Coronavirus Becomes 90% Less Infectious Within 20 Minutes of Being Airborne, Reveals UK Study

Coronavirus Becomes 90% Less Infectious Within 20 Minutes of Being Airborne, Reveals UK Study


A groundbreaking new study that attempts to find how the deadly coronavirus survives in exhaled air has revealed that the virus becomes 90 per cent less infectious within 20 minutes of becoming airborne therefore losing most of its ability to infect after the first five minutes.

The findings of the study published by the University of Bristol’s Aerosol Research Centre are yet to be peer-reviewed and are the first of its kind to understand how exactly coronavirus travels in the air after it has been exhaled, The Guardian reported.

While conducting the study, the researchers developed an apparatus to generate virus-containing particles and allowed them to float between two electric rings for anywhere between five seconds and 20 minutes in a tightly controlled environment.

They found that when the viral particles leave the lungs, they quickly lose water and the lower levels of carbon dioxide in the environment result in a rapid increase in pH. This affects the virus’s ability to infect human cells, The Guardian reported. The rate of degradation is however dependent on the relative humidity of the surrounding air. If the air is less than 50 per cent humid, the virus loses half of its infectivity within five seconds and another 19 per cent loss over the next 5 minutes. At 90 percent humidity, the virus can lose 52per cent of its infectivity in the next 5 minutes.

The findings thus indicated that the temperature made little difference to viral infectivity, contradicting the belief that the disease spreads faster in hotter climates.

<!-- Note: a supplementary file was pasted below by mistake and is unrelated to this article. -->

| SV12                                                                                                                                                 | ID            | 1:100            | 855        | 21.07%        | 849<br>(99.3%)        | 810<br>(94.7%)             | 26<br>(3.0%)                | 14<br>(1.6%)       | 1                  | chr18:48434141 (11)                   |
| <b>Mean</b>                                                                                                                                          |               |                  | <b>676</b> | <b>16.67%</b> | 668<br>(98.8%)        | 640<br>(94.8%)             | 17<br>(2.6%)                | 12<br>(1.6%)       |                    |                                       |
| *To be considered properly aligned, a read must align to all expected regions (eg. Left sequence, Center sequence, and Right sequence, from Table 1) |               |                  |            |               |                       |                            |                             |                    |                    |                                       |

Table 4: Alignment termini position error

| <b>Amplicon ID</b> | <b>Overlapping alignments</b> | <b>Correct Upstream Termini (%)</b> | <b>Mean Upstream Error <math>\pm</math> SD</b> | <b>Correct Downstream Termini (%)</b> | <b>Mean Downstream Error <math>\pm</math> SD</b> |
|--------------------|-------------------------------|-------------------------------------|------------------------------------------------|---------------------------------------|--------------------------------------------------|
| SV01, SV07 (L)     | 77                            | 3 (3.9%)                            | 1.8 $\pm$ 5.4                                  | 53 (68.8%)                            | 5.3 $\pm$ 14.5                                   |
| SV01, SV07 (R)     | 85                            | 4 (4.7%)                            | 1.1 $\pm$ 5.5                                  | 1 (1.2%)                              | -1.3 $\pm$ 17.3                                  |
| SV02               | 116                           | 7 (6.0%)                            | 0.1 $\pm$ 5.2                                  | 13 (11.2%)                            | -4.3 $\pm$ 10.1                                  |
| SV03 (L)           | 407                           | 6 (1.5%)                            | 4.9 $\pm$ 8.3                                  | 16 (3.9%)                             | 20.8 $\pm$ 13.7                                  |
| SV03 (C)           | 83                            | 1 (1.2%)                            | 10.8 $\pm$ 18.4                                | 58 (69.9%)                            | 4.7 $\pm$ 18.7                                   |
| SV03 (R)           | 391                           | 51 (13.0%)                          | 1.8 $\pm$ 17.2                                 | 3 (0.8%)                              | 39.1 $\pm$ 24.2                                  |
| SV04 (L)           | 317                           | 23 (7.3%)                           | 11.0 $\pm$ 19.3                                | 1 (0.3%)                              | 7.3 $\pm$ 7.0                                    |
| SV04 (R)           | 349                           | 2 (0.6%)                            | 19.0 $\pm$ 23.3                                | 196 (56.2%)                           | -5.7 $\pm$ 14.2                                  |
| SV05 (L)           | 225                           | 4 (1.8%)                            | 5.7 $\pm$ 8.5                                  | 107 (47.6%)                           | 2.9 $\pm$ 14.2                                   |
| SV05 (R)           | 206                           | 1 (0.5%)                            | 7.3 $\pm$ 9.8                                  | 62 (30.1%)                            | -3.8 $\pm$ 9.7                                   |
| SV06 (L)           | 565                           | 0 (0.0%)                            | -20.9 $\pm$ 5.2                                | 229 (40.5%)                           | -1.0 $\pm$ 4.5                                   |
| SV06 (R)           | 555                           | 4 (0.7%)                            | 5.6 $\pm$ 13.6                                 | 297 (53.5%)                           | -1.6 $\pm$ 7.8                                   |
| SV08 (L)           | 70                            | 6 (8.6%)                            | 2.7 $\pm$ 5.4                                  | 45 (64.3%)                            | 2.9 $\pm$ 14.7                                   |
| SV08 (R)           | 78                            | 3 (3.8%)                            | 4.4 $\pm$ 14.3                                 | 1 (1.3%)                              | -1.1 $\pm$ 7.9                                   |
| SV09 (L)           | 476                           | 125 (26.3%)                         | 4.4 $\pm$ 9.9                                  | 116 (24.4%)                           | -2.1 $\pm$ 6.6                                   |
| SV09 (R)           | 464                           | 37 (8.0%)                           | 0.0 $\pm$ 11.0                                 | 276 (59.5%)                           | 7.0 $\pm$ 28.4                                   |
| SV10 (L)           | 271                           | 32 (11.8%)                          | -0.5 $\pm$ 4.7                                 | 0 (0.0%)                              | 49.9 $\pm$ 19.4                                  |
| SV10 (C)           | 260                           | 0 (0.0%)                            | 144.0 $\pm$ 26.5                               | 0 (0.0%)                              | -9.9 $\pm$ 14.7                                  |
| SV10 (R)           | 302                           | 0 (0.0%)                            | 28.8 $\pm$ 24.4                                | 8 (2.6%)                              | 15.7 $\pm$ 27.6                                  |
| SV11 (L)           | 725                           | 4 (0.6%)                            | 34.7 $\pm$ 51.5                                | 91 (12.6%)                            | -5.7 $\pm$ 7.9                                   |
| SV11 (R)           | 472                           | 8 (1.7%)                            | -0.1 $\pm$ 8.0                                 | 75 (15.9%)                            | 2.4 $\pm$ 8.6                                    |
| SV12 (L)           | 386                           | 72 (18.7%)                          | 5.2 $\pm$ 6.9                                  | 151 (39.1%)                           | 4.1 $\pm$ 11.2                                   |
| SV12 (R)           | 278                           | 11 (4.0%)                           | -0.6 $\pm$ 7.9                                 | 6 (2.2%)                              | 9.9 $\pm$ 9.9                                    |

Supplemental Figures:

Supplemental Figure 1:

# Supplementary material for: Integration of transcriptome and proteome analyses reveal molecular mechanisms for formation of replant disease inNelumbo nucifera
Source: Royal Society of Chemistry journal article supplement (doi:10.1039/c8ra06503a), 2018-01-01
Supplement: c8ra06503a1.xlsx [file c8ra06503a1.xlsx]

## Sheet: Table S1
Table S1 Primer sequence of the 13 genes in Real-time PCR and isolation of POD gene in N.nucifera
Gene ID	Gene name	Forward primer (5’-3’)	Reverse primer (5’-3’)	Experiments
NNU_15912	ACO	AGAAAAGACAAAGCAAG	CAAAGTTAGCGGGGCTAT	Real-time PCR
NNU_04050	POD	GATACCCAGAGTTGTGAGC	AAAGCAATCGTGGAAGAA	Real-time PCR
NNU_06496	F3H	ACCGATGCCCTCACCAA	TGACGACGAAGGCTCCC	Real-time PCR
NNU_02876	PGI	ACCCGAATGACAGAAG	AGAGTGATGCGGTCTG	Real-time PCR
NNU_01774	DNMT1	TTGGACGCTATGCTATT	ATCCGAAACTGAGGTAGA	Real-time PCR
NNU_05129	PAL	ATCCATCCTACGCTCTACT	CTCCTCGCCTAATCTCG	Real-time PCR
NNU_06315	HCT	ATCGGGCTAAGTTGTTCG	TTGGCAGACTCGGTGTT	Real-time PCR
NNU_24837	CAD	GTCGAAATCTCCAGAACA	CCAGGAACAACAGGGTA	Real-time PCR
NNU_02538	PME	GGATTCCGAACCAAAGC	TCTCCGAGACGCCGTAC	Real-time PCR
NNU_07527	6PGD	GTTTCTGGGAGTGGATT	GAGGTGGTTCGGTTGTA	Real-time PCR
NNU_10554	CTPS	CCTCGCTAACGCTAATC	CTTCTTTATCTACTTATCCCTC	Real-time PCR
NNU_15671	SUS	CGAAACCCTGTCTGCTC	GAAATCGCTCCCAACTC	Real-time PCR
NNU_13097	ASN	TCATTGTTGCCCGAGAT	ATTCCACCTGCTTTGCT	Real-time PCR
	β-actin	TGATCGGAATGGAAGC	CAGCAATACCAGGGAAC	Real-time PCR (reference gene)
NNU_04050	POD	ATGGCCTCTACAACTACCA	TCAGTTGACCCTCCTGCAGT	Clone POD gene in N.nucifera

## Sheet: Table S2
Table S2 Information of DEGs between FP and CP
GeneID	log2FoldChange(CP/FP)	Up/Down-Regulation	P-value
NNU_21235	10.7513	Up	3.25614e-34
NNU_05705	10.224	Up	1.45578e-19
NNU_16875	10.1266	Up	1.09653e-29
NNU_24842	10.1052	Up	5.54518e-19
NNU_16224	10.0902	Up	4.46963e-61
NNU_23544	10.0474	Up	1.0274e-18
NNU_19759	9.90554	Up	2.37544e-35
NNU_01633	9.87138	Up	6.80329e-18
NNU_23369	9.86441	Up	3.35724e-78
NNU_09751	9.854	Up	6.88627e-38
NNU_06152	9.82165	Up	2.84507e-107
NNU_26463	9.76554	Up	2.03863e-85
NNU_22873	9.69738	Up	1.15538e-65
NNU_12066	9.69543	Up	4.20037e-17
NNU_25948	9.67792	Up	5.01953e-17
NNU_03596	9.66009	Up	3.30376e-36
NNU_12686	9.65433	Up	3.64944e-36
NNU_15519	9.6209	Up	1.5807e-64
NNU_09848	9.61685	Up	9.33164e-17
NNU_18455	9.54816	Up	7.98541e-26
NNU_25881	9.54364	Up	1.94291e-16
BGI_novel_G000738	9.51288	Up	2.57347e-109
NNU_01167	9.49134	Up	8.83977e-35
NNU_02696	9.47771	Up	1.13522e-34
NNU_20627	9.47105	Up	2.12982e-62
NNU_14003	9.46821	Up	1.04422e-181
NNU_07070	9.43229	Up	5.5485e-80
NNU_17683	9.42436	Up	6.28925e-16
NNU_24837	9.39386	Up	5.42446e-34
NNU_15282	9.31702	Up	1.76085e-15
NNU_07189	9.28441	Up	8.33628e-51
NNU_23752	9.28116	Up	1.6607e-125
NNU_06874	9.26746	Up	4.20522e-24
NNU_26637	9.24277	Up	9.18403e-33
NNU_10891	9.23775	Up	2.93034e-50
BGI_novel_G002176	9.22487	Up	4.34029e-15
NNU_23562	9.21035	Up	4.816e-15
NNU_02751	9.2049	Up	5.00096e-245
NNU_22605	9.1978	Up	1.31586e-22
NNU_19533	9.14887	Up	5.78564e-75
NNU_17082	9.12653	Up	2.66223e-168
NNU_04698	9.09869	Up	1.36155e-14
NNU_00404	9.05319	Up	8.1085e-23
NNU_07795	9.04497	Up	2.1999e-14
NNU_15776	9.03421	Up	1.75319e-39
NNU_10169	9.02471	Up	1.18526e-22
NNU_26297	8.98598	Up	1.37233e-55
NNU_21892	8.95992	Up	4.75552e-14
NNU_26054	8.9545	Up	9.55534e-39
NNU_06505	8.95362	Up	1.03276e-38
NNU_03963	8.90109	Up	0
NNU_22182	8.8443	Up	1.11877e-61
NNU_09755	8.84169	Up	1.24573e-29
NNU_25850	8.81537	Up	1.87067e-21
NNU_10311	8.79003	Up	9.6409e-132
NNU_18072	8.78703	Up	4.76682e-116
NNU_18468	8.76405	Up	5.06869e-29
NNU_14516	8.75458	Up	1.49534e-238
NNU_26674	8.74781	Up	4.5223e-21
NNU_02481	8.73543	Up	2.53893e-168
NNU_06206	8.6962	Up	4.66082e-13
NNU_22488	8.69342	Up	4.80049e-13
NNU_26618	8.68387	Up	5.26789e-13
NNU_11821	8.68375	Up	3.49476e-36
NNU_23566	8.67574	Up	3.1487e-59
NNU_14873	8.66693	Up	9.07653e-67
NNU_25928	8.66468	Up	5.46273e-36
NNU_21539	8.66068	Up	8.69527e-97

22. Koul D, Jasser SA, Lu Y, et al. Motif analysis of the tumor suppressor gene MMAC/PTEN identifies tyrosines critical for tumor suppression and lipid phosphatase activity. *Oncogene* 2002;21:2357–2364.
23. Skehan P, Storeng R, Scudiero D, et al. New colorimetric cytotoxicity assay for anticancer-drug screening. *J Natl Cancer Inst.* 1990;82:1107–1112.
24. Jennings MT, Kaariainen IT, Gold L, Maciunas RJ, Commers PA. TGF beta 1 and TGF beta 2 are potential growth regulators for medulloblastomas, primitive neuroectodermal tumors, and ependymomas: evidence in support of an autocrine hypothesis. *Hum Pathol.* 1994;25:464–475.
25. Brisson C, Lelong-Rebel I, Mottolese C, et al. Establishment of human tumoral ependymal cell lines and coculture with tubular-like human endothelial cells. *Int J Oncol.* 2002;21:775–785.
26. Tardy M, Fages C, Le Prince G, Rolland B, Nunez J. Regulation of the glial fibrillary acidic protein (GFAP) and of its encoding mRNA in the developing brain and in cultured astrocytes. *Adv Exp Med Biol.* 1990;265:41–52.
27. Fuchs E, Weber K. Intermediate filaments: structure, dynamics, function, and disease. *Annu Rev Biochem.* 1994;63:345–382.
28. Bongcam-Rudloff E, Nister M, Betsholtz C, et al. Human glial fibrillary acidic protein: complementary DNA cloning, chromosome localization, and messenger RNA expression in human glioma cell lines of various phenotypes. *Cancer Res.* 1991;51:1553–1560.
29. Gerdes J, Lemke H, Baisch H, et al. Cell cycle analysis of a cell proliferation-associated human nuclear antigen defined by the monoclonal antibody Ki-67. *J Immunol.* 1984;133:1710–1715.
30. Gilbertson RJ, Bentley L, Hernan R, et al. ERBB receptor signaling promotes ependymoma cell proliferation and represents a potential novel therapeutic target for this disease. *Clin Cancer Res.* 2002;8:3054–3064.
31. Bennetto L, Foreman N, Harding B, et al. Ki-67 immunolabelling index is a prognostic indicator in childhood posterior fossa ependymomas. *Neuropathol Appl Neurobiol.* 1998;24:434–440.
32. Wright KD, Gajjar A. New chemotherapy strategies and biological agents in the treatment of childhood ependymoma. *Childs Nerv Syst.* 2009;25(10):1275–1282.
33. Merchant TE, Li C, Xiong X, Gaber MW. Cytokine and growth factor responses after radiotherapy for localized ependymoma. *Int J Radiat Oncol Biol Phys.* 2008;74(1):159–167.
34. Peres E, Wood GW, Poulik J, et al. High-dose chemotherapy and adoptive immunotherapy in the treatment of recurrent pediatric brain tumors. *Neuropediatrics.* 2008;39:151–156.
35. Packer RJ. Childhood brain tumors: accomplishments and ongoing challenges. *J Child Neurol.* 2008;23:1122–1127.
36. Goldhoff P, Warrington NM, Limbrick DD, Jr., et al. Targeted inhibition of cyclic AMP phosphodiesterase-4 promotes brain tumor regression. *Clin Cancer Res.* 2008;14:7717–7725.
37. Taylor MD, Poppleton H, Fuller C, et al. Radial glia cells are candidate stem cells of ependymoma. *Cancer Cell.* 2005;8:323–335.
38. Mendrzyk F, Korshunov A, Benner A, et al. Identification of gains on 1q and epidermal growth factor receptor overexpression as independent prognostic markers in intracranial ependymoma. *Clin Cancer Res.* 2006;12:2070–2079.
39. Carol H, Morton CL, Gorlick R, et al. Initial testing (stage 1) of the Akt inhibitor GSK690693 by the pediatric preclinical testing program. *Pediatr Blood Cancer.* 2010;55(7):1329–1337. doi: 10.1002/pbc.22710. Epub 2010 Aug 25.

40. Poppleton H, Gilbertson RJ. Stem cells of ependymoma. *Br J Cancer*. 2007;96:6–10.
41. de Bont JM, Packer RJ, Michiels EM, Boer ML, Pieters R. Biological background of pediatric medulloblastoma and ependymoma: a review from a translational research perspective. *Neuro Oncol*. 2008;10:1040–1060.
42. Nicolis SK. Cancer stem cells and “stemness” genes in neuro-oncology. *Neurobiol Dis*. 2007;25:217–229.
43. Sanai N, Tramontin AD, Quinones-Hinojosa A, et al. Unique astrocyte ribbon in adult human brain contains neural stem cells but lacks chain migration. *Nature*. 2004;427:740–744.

Meanwhile, the findings of the study also reaffirmed the importance of wearing face masks and maintaining social distance to prevent the spread of Covid-19.

“People have been focused on poorly ventilated spaces and thinking about airborne transmission over meters or across a room. I’m not saying that doesn’t happen, but I think still the greatest risk of exposure is when you’re close to someone,” the study’s lead author Prof Jonathan Reid told The Guardian.

This revelation comes amid the suggestion of two health experts of Indian origin who say that allowing the rapid spread of Omicron, a seemingly milder variant of Covid, is a better and safer bet to end the ongoing pandemic.

“Policies designed to slow the spread of Omicron may end up creating a super variant that is more infectious, more virulent, and more resistant to vaccines… To minimize that risk, policymakers must tolerate the rapid spread of milder variants. This will require difficult trade-offs, but it will save lives in the long run,” the Indian-origin experts, Vivek Ramaswamy, and Apoorva Ramaswamy argued in a WSJ OpEd.

The argument by Ramaswamy and Ramaswamy in the WSJ OpEd pertaining to why it is better to let Omicron run free was based on the scientific distinction between antigenic drift and antigenic shift.

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